American Hospital Association urges CMS to expand law enforcement discretion without surprises


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The American Hospital Association has urged the Centers for Medicare and Medicaid Services to extend enforcement discretion to the No Surprises Act’s regulatory requirement that health care providers exchange certain information to create a good faith estimate. for uninsured and self-paid patients – until the agency identifies, and providers can implement a standard, automated way to exchange the information.

“In the Interim Final Rule implementing this policy, CMS notes that it is exercising enforcement discretion until January 1, 2023, as it may take time for vendors and facilities to “develop systems and processes to receive and provide required information”, “AHA wrote. “We agree that the development and implementation of the solution will take time and cannot be completed effectively without further guidance from CMS identifying a standard technical solution that can be implemented by all vendors.”

In the federal price transparency rule that went into effect on January 1, 2021, hospitals were instructed to publish all of their prices online in clear and easily accessible formats. A KLAS survey released in April indicated that hospitals generally support such regulations as a step toward consumerizing healthcare.

But concerns about the accuracy of pricing and whether patients would fully understand the complexity of the costs of the procedures have been heightened by fears from smaller hospitals that consumers will be drawn to larger healthcare organizations which, due to of their size, could offer lower fares.

One of the AHA’s primary concerns is that there is currently no method for unaffiliated vendors to share or receive Good Faith Estimates with a vendor or convening facility in an automated manner. To share this information, billing systems should be able to request and transmit billing rates, discounts and other information necessary for good faith ratings between providers/facilities.

That’s not something practice management systems typically can do, the AHA said, since billing information has traditionally been sent to health insurers and clearinghouses, not other providers. .

“Due to the lack of automated solutions currently available, this process would require significant manual effort on the part of providers, which would undoubtedly prevent the calling provider from meeting the short legal deadlines for providing good faith estimates to patients and could also lead to unintended errors,” the AHA wrote.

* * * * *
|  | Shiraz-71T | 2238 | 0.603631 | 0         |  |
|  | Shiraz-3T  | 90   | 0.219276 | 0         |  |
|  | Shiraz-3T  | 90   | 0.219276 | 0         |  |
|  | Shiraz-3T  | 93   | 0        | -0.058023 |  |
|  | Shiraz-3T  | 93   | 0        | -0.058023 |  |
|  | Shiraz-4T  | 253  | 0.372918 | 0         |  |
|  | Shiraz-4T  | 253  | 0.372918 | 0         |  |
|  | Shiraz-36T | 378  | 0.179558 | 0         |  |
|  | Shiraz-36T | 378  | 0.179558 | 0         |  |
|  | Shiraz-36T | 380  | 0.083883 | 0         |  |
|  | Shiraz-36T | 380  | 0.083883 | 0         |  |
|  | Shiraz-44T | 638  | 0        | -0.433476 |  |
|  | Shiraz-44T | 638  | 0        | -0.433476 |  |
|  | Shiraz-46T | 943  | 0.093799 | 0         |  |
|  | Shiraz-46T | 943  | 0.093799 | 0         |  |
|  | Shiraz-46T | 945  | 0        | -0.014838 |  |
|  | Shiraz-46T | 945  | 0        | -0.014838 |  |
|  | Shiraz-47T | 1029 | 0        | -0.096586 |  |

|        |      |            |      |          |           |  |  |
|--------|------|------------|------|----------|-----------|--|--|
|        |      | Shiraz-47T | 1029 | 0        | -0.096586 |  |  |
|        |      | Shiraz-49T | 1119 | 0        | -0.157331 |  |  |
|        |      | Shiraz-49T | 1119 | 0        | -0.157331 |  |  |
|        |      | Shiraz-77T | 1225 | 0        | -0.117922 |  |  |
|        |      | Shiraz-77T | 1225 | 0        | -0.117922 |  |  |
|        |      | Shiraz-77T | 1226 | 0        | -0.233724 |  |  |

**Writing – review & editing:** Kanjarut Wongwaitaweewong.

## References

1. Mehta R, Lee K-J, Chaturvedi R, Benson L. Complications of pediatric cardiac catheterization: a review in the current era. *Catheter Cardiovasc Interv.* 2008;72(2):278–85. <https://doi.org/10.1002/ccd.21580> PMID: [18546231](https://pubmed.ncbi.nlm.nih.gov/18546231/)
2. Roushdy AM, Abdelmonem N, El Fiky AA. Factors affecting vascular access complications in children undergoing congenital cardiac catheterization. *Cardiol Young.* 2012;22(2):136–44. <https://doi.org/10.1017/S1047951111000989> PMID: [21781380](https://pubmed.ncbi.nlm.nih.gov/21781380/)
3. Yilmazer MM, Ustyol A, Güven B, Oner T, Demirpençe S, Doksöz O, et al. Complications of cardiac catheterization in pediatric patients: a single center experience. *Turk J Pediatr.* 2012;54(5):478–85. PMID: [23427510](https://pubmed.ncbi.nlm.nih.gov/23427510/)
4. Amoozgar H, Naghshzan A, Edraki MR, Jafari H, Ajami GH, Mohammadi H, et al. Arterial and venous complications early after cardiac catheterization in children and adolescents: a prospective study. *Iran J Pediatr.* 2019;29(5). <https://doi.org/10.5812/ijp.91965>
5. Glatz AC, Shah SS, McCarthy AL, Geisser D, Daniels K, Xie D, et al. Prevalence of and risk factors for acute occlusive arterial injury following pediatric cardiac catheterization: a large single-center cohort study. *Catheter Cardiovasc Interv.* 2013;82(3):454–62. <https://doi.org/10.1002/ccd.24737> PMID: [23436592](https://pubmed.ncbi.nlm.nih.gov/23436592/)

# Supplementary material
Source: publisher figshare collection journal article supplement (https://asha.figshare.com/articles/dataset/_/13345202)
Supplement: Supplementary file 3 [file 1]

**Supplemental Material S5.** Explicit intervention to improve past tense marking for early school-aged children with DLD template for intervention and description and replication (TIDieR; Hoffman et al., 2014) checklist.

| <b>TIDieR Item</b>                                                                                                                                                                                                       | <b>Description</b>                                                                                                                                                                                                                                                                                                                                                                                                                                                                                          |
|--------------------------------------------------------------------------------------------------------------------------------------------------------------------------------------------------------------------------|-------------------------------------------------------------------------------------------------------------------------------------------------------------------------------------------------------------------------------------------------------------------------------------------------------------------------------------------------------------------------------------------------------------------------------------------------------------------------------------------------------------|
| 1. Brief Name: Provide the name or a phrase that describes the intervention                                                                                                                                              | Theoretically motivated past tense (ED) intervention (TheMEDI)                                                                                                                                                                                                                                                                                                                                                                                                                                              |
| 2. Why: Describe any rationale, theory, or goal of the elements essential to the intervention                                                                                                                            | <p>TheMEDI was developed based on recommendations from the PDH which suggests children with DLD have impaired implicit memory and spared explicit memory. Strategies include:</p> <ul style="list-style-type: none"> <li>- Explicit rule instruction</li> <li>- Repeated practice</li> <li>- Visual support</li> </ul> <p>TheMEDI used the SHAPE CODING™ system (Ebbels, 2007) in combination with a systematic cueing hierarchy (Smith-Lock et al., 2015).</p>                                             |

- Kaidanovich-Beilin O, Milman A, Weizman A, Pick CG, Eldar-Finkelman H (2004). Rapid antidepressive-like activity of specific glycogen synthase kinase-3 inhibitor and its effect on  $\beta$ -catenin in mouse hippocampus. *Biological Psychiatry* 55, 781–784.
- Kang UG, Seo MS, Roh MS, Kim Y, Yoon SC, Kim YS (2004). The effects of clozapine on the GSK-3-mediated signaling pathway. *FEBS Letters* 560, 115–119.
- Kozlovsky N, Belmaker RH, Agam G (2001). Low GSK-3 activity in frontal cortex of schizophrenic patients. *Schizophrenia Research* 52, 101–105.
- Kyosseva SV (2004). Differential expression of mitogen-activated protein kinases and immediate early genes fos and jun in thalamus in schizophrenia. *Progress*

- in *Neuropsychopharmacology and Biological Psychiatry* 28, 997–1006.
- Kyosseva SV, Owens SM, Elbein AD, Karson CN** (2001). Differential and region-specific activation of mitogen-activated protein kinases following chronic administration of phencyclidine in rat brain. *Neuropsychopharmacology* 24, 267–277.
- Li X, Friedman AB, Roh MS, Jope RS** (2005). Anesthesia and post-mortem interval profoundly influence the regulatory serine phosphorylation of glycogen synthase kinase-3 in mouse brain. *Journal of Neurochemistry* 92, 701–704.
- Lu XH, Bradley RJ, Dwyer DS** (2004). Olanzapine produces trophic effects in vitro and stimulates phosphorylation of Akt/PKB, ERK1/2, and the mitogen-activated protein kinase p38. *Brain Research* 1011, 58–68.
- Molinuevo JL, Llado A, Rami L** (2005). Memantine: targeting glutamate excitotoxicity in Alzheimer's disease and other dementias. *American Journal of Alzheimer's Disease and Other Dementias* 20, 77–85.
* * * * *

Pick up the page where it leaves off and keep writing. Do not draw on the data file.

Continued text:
AHA requested an extension of execution discretion until a technical solution was found and implemented.


Without an automated standard, the AHA said, providers would have to individually determine how to transmit information. This in turn could lead to variances across the industry, especially given the differences in size and technical sophistication between co-suppliers and facilities. Navigating a non-standardized process, according to the AHA, would increase the administrative burden on providers.

To help work toward a standard solution, the AHA said it is partnering with the American Medical Association, the Medical Group Management Association, and HL7 to create a working group to discuss potential technical solutions for share and receive critical information between suppliers. The group will be made up of vendors and vendors familiar with vendor systems.


In a February survey by patientsrightsadvocateorg, data showed that to date only 1.3% of 1,000 hospitals comply with the price transparency rule.

About 38% of the hospitals surveyed posted a sufficient number of negotiated rates, but more than half failed to meet other criteria in the rule, such as the rates for each designated insurer and plan. At the same time, only 0.5% of hospitals in the country’s three largest hospital systems – HCA Healthcare, CommonSpirit Health and Ascension – were compliant.

The results were consistent with earlier findings, published in June 2021 in the Journal of the American Medical Association and the American Journal of Managed Care, showing that most hospitals are not following the price transparency rule.

The rule established penalties for non-compliance at $300 per day for hospitals with less than 30 beds and $10 per bed per day for hospitals with 31 beds or more, up to a maximum daily penalty of 5 $500.

The AHA argued that disclosing privately negotiated rates does nothing to help patients understand what they will actually pay for the treatment. It also accelerates anticompetitive behavior by commercial health insurers and hampers innovations in value-based care delivery, the AHA said.

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